Sex addiction: not just for men
Any time I met a guy who didn’t respond to me sexually, it would make me determined to have him,” confesses Valerie, 35, a human-resources manager in the City. “It became a challenge, a game, regardless of whether he was married or with someone. The lowest point came when I tried to seduce my best friend’s fiancé. I couldn’t bear the fact that, when they were together, he wouldn’t so much as look at me. It was an itch I had to scratch.”
“Sex addict” is the last phrase that would come to mind if you met the demure and sober-suited Valerie. Yet she is in 12-step fellowship for that very issue. “Everyone used to tell me how lucky I was, as I could get any man I wanted. I’m quite a competitive person and it was important for me to know that, in my circle of girlfriends, I was viewed as the hottest.”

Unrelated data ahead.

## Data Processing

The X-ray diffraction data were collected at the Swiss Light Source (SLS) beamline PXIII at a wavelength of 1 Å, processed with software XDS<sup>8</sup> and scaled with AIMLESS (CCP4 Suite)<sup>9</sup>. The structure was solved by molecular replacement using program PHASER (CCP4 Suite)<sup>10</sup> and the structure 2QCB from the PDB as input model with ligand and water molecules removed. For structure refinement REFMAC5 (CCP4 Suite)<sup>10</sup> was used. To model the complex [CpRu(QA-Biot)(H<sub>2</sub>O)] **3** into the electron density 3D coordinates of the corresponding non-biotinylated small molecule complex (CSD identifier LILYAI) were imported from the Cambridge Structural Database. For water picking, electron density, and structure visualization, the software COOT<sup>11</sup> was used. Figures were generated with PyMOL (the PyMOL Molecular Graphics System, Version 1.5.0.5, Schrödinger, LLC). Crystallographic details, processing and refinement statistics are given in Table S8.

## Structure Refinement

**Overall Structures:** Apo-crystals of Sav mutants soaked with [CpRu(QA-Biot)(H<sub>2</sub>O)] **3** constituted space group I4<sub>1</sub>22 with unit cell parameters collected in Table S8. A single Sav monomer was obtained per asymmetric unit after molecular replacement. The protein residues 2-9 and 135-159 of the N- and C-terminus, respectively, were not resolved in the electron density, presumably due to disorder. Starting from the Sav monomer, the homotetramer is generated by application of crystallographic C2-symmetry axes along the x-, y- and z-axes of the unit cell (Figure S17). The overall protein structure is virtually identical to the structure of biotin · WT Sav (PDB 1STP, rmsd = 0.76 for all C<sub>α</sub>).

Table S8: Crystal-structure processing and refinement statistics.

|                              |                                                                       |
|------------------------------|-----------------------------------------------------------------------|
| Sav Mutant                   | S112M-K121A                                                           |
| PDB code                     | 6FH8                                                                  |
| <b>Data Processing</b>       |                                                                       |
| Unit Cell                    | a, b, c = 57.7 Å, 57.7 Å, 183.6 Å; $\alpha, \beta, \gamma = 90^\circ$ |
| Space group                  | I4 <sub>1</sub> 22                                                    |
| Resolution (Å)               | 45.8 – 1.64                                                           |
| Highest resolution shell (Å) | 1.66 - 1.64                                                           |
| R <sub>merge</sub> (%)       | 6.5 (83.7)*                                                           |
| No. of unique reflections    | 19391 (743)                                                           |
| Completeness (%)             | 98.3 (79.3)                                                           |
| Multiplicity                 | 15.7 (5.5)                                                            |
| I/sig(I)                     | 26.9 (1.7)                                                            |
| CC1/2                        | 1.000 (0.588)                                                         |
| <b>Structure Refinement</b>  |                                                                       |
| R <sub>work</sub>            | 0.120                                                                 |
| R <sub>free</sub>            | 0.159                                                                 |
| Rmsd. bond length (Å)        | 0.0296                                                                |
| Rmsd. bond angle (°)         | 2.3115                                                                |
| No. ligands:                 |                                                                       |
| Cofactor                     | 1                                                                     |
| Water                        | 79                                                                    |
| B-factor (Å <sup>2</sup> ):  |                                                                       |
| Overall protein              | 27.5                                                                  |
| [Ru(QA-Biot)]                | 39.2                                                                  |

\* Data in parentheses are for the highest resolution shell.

That sex and, by extension, love are highly addictive is no longer up for debate. Comparative brain scans of the love-struck and cocaine-addicted show almost identical areas of brain activity. And, for the first time, people are starting to talk about sex addiction. Russell Brand has owned up to having treatment and David Duchovny recently outed himself as a sufferer.
Experts say the number of sex addicts is rising — and, contrary to popular opinion, they are not all men. “In America, 30% of people coming in for treatment for sex addiction are female,” says Don Serratt, director of Life Works, which offers sex-addiction treatment in the UK. In this country, few women present themselves as sex addicts, but that doesn’t mean the problem is less prevalent. “They’ll come for help with alcoholism, drug addiction or depression and, in the course of treatment, the sex addiction, the root cause of the other addictions, will be uncovered,” Serratt says.